The country knows when a mother loses one child for a short while during an outrageous hospital abduction.
And the entire world knows when an airliner leaves Malaysia and then vanishes mysteriously.
But what about when mother upon mother lose their newborns? Or an airliner full of mothers goes down?
It happened yesterday. Did you hear? And today. Sadly, it will again tomorrow.
This is the unfortunate truth. More than 300,000 mothers, that is 365 large airliners filled with women, women who in the developing world die in one horrible way or another during pregnancy and childbirth, crashes in flames every year.
You know something about it. Prime Minister Harper has made it a priority to tell you that we can no longer ignore this global blight.
The PM did so with his Mukoka Initiative in 2010, and he’s doing so again, right now, today, tomorrow and Friday, at the Saving Every Woman Every Child summit in Toronto.
My children and I know something about it too, because Their Mom, My Bride, who is the founding director of Save the Mothers, has made it her life work to help save at least some of these women and children.
So the media has come knocking and My Bride has found a corner here and there, even at home.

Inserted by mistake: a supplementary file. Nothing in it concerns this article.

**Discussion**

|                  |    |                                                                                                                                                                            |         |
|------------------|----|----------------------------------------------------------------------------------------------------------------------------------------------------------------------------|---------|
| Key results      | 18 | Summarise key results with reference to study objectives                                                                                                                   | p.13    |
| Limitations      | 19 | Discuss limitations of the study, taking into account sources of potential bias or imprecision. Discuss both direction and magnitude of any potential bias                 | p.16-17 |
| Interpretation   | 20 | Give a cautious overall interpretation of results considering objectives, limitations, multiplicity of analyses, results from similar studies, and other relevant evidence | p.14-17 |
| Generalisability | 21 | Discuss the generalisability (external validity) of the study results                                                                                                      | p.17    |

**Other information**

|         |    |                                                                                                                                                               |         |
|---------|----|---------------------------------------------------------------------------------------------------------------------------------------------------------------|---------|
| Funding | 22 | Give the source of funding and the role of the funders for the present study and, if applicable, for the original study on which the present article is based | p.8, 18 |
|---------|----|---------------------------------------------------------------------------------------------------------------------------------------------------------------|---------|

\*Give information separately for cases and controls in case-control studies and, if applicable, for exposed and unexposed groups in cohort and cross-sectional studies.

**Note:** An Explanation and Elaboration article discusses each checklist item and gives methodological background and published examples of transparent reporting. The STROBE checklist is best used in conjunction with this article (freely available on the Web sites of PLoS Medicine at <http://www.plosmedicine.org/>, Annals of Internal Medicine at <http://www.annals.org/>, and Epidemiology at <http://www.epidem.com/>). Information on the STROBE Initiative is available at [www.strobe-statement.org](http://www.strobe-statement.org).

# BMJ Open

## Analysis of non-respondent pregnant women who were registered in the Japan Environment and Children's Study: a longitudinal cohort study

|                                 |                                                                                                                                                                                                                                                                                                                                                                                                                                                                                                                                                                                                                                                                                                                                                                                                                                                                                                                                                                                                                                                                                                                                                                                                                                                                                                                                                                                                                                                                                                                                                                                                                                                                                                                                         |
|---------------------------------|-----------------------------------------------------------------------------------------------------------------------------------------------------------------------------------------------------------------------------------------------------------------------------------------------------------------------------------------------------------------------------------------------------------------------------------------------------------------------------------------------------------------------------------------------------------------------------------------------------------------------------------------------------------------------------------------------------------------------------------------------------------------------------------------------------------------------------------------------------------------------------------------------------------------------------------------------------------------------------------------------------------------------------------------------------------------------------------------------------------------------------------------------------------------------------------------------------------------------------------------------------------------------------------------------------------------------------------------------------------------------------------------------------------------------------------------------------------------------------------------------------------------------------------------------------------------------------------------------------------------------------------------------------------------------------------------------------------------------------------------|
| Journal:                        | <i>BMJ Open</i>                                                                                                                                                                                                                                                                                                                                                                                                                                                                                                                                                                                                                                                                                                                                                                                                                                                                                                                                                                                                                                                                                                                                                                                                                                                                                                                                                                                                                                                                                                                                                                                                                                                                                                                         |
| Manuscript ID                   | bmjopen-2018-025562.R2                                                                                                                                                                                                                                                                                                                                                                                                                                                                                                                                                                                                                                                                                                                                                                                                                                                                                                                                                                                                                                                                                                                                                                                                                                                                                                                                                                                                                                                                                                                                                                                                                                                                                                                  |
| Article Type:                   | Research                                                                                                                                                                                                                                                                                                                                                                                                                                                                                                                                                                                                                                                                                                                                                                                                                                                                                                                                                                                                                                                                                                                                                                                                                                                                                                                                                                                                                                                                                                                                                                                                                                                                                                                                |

The girls’ bedroom, a tiny room in our Ancaster condo that will eventually cause our growing daughters to pick up revolutionary arms, did just fine yesterday.
That was for Radio Canada, which was after this first CBC piece, an excellent primer on all this.
More CBC is tomorrow, then Sun TV, that one at the conference down the highway at the Royal York in Toronto, where this is all now getting the attention it certainly needs.
It’s been remarkable to observe this shift in awareness. When My Bride started her tireless efforts – I can still picture her in the first years of our marriage running around Yemen in her black balto, there, harnessing forces who didn’t even speak her language – few on this side of the ocean had anything on any radar.
But, along with others, Jean kept pushing. Let’s talk about it. Let’s train indigenous leaders. Let’s help people help themselves.
Now much of the Canadian public at least has the knowledge that these aircrafts are going down.
The ongoing need, of course, is to keep going and to stay long enough there, on the ground, to listen and then help indigenous cultures change, more than anything, their patriarchal attitudes from within.
It’s not just about money. “We, in the west, can be so naïve,” is how Jean put it when we were talking about it the other day.
It’s about that on-the-ground partnering and using the tools that are, in fact, in our hands.
So that mothers and children can have what we so easily take for granted, that is life itself.
Tomorrow My Bride joins a panel discussion with Jordan’s royal princess Sarah Zeid at the PM’s summit on how Canada and other rich countries can continue building the right sort of partnerships.
These are our days. My Bride continues to run.
And in this household, we keep applauding her, this princess.